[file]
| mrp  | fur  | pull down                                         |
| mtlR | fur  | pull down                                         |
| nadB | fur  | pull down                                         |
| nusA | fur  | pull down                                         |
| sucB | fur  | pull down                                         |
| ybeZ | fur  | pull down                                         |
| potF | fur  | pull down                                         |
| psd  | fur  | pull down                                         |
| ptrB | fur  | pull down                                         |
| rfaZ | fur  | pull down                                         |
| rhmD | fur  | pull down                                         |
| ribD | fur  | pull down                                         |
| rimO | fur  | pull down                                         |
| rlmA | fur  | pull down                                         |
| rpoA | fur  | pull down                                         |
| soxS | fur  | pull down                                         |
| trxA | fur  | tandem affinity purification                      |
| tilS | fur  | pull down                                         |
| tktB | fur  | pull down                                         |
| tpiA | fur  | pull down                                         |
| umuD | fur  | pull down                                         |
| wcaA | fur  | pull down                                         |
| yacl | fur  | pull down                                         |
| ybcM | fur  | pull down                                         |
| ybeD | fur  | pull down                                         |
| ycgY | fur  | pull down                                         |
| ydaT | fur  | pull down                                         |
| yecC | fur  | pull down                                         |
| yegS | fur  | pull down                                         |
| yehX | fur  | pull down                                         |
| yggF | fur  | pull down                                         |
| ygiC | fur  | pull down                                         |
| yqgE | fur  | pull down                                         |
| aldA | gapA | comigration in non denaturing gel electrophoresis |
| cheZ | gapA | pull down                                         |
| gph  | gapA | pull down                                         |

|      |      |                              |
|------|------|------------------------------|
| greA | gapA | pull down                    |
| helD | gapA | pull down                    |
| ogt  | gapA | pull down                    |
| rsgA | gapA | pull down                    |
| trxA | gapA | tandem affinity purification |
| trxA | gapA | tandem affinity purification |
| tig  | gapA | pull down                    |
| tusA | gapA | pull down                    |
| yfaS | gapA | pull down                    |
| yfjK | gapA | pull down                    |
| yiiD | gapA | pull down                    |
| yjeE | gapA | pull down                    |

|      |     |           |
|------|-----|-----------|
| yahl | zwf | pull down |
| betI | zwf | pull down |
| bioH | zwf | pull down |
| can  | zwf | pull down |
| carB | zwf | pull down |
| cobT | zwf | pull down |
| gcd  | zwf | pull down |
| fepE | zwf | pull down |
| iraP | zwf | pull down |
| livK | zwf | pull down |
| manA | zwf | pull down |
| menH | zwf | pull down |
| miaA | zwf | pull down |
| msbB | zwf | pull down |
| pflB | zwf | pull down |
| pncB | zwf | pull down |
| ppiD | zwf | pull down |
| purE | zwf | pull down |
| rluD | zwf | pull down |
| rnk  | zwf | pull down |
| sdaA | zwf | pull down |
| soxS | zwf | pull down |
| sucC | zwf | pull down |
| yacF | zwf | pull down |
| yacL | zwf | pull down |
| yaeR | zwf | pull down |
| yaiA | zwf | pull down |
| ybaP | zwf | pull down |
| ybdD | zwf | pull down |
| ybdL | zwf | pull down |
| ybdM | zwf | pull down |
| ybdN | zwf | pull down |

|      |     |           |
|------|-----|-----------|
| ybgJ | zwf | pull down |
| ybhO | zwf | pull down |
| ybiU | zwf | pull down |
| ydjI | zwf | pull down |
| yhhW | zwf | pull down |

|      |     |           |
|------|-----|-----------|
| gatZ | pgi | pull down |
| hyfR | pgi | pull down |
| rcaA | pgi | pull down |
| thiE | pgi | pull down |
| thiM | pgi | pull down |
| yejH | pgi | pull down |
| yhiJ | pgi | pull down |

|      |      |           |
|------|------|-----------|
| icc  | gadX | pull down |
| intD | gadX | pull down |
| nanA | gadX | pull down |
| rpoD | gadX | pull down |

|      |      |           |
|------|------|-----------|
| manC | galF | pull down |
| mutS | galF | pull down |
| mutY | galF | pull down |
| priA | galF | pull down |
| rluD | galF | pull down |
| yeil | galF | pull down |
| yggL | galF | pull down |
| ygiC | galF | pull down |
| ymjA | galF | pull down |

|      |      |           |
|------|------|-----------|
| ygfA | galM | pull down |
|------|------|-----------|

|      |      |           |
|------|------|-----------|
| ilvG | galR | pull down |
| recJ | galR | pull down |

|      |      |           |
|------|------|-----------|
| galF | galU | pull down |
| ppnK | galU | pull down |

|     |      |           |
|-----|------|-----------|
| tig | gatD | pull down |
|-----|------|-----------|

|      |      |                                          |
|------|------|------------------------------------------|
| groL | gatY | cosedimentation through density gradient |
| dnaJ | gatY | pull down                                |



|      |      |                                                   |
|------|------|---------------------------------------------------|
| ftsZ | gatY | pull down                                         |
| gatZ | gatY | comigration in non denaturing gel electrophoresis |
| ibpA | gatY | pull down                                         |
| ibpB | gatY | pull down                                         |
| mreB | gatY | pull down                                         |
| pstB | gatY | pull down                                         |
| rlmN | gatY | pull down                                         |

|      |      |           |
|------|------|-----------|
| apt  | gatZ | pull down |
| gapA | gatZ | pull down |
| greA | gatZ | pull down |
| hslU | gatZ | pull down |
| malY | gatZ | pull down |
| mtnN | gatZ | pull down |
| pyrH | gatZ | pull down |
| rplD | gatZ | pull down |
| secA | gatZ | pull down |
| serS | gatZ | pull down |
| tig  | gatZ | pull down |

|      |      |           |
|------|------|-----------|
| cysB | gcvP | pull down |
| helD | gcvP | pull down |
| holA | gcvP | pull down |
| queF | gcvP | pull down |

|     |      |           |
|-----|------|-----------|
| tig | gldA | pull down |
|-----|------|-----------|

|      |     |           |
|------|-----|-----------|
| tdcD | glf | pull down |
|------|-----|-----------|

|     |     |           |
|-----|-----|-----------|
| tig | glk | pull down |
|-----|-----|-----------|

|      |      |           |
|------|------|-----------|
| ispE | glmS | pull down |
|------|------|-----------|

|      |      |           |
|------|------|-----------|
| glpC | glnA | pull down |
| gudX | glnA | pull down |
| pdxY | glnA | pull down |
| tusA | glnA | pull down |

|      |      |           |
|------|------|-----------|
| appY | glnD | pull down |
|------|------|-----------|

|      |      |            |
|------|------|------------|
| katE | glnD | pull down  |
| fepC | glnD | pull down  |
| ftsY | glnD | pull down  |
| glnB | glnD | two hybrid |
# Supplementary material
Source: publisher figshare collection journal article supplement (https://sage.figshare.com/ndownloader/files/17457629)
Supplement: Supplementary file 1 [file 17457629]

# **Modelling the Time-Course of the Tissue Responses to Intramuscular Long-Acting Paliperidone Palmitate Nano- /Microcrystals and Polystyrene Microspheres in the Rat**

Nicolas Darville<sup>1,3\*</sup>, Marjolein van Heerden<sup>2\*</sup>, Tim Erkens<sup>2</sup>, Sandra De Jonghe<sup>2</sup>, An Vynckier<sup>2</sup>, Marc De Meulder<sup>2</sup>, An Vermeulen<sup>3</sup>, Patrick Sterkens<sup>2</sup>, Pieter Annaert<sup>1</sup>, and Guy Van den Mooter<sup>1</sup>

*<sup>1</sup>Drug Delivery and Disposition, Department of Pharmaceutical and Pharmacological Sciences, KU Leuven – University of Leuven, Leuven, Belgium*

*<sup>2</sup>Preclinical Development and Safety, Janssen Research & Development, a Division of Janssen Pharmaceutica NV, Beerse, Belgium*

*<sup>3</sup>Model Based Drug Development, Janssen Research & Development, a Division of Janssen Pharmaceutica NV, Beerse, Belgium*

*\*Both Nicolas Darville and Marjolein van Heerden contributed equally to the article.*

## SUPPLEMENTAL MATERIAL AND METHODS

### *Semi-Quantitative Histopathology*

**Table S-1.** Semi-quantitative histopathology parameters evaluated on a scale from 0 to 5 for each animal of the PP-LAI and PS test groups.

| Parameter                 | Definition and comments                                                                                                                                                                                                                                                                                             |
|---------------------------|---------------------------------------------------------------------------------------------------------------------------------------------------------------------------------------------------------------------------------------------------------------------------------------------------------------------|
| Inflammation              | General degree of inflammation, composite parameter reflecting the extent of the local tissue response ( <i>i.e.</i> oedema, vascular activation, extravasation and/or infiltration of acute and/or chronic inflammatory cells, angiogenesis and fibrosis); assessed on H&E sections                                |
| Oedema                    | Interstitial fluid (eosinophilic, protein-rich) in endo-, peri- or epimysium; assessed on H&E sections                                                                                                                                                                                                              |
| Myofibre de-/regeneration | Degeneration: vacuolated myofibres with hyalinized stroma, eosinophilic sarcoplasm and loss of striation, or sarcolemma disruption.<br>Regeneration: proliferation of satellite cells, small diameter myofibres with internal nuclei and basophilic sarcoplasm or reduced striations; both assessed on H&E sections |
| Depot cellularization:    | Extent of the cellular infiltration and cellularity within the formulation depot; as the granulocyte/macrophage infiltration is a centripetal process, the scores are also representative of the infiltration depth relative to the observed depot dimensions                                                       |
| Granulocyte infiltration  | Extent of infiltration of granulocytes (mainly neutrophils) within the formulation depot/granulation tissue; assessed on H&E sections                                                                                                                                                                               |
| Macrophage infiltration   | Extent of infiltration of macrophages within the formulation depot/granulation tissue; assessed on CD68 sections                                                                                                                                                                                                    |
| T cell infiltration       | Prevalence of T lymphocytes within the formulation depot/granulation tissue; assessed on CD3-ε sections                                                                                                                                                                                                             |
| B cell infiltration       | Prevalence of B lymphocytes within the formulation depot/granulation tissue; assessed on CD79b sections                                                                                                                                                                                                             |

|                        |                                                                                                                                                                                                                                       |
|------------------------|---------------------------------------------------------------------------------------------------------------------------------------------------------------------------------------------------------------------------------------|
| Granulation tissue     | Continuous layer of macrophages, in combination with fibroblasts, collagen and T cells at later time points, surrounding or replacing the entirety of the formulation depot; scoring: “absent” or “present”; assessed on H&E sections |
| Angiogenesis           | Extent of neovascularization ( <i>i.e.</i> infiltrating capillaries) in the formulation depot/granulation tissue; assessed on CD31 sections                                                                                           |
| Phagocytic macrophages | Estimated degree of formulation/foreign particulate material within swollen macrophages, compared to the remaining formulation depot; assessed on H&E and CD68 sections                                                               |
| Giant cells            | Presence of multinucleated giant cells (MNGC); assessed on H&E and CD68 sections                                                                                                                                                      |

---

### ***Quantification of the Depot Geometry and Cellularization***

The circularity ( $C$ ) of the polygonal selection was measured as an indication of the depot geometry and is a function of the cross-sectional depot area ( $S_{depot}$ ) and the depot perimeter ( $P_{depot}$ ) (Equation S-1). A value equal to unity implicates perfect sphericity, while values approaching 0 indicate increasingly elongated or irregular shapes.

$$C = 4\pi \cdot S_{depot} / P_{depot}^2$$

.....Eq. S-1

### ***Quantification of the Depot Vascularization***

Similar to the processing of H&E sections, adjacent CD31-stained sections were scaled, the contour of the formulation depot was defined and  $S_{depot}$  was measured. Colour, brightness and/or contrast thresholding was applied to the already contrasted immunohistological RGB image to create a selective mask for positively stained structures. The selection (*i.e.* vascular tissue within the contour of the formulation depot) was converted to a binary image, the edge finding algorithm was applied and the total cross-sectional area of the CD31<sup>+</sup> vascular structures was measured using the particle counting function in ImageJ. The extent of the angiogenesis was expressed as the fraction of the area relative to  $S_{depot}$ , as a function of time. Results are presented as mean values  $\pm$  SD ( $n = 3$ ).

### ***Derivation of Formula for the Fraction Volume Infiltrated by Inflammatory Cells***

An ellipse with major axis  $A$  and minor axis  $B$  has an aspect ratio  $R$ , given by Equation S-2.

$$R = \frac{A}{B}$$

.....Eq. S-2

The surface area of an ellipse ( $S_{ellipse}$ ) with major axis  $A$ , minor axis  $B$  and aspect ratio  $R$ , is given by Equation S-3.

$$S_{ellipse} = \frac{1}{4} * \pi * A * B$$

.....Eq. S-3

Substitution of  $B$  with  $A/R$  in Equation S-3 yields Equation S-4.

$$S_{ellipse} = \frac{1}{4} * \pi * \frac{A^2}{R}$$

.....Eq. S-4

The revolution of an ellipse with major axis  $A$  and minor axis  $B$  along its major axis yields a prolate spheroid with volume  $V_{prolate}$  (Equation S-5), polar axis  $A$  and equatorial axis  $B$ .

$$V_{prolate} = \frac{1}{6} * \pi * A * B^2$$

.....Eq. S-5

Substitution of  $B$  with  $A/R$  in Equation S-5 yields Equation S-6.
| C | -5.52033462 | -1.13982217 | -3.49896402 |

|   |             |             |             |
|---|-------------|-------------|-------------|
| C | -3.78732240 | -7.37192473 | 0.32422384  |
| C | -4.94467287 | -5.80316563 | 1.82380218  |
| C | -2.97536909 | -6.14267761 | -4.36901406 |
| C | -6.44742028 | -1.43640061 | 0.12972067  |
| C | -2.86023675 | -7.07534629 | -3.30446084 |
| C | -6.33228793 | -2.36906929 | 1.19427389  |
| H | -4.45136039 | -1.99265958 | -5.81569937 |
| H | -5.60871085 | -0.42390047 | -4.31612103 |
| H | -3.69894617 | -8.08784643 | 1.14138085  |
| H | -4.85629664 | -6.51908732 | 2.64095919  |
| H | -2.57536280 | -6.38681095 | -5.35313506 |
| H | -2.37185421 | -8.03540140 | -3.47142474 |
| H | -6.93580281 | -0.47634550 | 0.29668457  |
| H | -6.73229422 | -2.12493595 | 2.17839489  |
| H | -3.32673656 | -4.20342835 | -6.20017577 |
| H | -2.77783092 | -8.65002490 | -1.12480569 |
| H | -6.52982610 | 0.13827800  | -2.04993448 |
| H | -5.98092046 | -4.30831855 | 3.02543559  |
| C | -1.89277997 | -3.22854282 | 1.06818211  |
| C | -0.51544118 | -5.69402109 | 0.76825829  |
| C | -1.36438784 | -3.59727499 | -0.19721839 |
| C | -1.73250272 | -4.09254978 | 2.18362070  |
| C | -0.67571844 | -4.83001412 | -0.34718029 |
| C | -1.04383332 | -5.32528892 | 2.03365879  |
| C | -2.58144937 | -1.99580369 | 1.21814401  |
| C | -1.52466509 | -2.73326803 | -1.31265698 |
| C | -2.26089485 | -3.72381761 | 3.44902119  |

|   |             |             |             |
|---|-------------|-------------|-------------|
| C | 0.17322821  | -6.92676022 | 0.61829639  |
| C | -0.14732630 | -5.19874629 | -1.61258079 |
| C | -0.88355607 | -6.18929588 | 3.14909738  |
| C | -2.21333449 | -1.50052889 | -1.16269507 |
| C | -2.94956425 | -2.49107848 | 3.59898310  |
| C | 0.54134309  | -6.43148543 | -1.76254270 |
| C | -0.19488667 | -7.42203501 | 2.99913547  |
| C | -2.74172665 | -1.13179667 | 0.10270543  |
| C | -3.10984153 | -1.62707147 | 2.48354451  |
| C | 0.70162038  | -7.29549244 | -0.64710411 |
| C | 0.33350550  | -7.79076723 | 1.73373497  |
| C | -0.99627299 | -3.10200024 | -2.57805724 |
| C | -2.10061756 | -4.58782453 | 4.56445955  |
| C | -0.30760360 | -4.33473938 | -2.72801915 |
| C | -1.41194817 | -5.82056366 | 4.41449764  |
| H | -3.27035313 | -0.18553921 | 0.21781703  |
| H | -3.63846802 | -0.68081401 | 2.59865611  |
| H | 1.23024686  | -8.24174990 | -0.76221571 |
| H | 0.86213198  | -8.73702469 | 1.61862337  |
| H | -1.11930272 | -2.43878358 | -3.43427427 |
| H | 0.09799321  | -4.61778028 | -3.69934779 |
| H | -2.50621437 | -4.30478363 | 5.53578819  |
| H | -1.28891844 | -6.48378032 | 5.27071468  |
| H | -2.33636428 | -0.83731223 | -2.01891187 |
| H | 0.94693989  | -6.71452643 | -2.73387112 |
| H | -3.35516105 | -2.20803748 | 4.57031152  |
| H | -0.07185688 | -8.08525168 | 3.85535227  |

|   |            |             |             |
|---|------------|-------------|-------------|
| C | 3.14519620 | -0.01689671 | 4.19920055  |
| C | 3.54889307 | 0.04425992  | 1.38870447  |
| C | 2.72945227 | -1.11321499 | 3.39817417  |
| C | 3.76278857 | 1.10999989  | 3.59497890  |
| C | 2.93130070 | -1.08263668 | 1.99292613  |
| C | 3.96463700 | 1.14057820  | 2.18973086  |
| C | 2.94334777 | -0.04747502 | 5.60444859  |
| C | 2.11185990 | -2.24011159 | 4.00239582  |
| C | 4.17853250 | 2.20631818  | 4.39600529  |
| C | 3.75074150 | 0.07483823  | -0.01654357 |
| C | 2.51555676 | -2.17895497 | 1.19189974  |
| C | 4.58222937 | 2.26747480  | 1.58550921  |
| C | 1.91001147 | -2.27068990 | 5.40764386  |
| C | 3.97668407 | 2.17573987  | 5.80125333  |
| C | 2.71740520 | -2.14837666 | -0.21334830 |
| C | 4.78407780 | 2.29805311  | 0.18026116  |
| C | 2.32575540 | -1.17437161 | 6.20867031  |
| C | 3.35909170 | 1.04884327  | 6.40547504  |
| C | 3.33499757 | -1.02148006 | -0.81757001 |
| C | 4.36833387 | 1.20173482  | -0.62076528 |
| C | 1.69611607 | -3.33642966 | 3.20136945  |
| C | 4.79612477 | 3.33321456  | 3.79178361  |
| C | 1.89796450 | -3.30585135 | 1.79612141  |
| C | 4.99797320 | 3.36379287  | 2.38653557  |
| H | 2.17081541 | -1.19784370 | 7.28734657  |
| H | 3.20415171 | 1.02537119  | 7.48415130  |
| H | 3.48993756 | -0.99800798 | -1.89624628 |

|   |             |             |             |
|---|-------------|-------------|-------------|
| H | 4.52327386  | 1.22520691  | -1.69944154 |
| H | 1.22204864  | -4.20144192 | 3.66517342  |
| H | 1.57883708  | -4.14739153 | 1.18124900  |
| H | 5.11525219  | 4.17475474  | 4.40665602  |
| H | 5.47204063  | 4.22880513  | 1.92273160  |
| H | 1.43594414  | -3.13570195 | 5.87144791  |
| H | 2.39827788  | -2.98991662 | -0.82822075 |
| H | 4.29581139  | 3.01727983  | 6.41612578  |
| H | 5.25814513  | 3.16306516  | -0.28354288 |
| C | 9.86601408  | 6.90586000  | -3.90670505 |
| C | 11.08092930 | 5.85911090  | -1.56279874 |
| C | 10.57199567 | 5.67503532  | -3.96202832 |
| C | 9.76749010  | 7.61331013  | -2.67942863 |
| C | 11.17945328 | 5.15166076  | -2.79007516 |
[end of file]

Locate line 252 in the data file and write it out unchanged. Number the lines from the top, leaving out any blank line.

| C | -2.97536909 | -6.14267761 | -4.36901406 |